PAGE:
Metro Weekly

LGBTQ Groups Slam Supreme Court for Overturning Roe

Justice Clarence Thomas calls on his colleagues to revisit past decisions legalizing same-sex marriage and decriminalizing homosexuality.

Photo: U.S. Supreme Court. Credit: Wikimedia Commons.

On Friday, the U.S. Supreme Court overturned the landmark Roe v. Wade ruling guaranteeing the constitutional right to an abortion by a 5-4 vote, setting up a scenario in which more than half of the states in the country could be poised to, at some point, explicitly ban the procedure. 

With Roe overturned, the legality of abortion now depends on individual state laws, who will be allowed to regulate the procedure — or ban it outright — as they see fit. 

The ruling came in response to a dispute over a 2018 Mississippi law that banned abortions after 15 weeks, under the guise of prohibiting “inhumane procedures” on the grounds that a fetus is allegedly capable of detecting and responding to pain at that point in a pregnancy. The law made exceptions for medical emergencies or cases of severe fetal abnormality, but not for rape or incest. It was challenged soon after passage, but was blocked from being enforced by a court order. The high court voted 6-3 to uphold that law, but Chief Justice John Roberts stopped short of endorsing a complete overturn of Roe v. Wade.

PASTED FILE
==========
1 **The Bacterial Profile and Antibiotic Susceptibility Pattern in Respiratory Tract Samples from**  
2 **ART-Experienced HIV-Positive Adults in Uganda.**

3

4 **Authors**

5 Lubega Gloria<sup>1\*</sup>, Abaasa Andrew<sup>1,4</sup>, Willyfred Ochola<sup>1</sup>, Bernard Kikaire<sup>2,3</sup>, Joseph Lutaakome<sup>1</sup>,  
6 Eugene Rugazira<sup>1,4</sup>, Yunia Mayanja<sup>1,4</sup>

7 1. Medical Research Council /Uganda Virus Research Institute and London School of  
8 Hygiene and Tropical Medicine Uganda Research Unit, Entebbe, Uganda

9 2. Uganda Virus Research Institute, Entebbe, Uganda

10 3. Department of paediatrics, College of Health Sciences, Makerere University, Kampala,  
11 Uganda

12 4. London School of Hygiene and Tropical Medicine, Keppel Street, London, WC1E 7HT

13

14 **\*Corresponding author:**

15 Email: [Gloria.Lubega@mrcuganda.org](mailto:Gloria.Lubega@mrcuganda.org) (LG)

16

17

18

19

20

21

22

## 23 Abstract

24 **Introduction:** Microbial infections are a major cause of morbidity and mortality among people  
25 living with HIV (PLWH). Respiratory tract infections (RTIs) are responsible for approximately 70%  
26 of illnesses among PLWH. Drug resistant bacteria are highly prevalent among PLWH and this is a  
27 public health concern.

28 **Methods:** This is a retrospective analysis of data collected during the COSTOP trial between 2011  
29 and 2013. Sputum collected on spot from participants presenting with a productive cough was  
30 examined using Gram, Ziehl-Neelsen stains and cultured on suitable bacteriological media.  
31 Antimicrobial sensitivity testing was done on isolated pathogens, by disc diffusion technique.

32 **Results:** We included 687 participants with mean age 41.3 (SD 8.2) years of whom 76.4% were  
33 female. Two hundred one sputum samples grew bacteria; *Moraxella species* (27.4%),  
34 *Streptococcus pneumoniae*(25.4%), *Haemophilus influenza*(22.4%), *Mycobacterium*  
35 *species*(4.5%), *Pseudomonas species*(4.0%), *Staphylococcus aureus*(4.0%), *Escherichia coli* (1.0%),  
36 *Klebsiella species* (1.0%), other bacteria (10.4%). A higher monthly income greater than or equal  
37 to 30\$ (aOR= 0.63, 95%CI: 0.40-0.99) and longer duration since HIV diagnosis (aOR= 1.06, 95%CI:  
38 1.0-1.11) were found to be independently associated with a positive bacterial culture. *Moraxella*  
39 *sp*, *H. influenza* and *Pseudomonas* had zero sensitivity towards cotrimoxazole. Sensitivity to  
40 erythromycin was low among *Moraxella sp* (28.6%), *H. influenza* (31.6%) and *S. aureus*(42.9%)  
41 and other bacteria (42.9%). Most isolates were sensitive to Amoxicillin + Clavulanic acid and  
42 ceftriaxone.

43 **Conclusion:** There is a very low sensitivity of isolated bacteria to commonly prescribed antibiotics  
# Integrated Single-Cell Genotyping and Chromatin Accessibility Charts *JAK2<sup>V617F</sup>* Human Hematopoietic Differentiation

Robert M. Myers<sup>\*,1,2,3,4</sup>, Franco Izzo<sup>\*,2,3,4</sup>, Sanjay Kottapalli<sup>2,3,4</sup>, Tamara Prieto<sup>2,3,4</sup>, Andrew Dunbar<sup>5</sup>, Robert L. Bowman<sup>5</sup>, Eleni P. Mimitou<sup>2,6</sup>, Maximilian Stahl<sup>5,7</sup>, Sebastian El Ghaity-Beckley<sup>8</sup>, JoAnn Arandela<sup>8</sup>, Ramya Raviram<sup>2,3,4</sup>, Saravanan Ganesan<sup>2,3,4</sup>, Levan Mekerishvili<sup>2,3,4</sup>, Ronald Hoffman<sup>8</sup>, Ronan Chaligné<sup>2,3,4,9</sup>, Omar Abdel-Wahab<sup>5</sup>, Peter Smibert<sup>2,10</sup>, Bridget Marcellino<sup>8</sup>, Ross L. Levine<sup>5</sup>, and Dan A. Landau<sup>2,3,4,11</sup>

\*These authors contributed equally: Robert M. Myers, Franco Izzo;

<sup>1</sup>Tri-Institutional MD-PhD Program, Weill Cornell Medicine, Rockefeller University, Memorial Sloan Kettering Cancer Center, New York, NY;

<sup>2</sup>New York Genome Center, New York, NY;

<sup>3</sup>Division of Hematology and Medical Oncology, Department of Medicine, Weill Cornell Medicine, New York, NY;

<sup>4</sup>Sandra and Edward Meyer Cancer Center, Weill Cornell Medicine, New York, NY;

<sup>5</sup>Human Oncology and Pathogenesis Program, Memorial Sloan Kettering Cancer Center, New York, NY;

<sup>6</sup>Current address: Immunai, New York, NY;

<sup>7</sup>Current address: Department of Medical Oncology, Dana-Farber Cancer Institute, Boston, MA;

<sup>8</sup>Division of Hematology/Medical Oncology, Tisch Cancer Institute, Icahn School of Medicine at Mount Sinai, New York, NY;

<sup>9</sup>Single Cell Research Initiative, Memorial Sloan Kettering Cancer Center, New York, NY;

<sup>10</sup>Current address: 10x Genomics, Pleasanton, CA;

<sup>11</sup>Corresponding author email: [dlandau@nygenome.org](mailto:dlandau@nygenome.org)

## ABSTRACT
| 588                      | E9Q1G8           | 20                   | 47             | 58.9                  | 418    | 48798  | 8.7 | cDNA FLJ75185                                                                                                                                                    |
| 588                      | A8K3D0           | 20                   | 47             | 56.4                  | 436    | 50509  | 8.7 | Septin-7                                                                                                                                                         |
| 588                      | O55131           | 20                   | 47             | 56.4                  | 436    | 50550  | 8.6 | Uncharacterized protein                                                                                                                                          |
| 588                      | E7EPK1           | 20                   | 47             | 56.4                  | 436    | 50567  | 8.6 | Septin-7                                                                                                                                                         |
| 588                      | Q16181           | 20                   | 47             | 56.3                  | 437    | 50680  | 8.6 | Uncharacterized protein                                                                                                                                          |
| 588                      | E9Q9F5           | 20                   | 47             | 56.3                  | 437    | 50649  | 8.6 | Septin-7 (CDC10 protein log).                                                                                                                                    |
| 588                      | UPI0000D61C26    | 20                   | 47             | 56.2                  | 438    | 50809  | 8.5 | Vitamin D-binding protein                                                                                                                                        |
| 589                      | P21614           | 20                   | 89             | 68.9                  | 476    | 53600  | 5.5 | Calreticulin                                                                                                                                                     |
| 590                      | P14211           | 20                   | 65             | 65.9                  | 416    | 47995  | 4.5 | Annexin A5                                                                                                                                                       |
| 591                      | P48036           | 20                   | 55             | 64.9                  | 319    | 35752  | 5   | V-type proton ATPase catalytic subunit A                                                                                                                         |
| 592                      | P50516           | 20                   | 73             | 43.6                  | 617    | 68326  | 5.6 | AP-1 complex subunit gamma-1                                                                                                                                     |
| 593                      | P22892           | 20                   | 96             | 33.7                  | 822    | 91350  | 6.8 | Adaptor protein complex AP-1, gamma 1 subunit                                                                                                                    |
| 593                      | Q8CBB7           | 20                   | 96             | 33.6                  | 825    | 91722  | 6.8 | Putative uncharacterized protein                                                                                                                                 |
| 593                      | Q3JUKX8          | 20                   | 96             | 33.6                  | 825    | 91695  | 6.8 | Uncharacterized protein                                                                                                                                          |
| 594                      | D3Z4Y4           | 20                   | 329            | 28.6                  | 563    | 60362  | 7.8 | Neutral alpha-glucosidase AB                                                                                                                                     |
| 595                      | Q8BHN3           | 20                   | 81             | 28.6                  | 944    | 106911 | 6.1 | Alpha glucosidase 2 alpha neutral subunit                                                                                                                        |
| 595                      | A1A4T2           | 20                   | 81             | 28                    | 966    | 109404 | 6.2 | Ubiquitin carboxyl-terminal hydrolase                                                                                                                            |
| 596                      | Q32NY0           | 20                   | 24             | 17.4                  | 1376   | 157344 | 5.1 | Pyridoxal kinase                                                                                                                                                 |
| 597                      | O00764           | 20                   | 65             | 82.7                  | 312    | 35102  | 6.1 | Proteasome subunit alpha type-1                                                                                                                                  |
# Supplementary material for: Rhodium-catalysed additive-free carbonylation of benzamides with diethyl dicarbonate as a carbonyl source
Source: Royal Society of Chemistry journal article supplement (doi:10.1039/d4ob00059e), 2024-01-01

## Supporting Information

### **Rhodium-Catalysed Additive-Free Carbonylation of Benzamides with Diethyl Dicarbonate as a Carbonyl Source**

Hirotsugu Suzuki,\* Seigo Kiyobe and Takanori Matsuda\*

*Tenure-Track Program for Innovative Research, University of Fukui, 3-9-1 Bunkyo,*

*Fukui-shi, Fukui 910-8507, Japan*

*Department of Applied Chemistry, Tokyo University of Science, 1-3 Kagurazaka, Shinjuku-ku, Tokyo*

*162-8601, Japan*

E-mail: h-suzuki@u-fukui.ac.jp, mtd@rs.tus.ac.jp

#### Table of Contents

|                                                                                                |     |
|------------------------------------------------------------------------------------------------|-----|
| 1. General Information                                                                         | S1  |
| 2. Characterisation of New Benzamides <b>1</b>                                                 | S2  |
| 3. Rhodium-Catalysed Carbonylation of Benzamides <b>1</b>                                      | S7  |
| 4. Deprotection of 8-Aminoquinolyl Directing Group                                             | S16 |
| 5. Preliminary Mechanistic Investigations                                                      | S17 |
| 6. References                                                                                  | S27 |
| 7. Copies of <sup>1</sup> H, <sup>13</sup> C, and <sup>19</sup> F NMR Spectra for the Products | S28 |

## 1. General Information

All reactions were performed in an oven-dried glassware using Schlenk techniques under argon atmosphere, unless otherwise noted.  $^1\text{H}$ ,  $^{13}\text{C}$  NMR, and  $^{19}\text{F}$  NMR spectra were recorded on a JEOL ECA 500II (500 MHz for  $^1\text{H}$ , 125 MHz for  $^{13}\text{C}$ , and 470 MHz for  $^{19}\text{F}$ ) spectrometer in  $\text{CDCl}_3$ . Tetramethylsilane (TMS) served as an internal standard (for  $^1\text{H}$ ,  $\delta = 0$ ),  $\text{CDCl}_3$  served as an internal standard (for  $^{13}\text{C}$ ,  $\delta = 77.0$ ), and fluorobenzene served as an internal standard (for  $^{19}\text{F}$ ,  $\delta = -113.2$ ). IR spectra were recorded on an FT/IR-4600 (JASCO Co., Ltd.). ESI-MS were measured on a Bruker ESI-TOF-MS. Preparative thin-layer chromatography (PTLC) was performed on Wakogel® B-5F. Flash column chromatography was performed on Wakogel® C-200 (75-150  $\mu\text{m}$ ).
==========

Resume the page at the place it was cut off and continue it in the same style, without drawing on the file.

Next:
Supporters of abortion rights received early warning of the forthcoming decision after an early draft of the opinion was leaked last month, triggering a wave of protests across the country, including outside the homes of some members of the high court.

Following the leak of the draft opinion, authored by Justice Samuel Alito, Democrats in Congress attempted to advance legislation — all but doomed to fail, given the need to win over 60 votes just to bring up any bill in the U.S. Senate — that would have guaranteed access to abortion nationwide. But that measure was blocked on a largely party-line vote, with all 50 Republicans and Democrat Joe Manchin voting against beginning debate on the bill.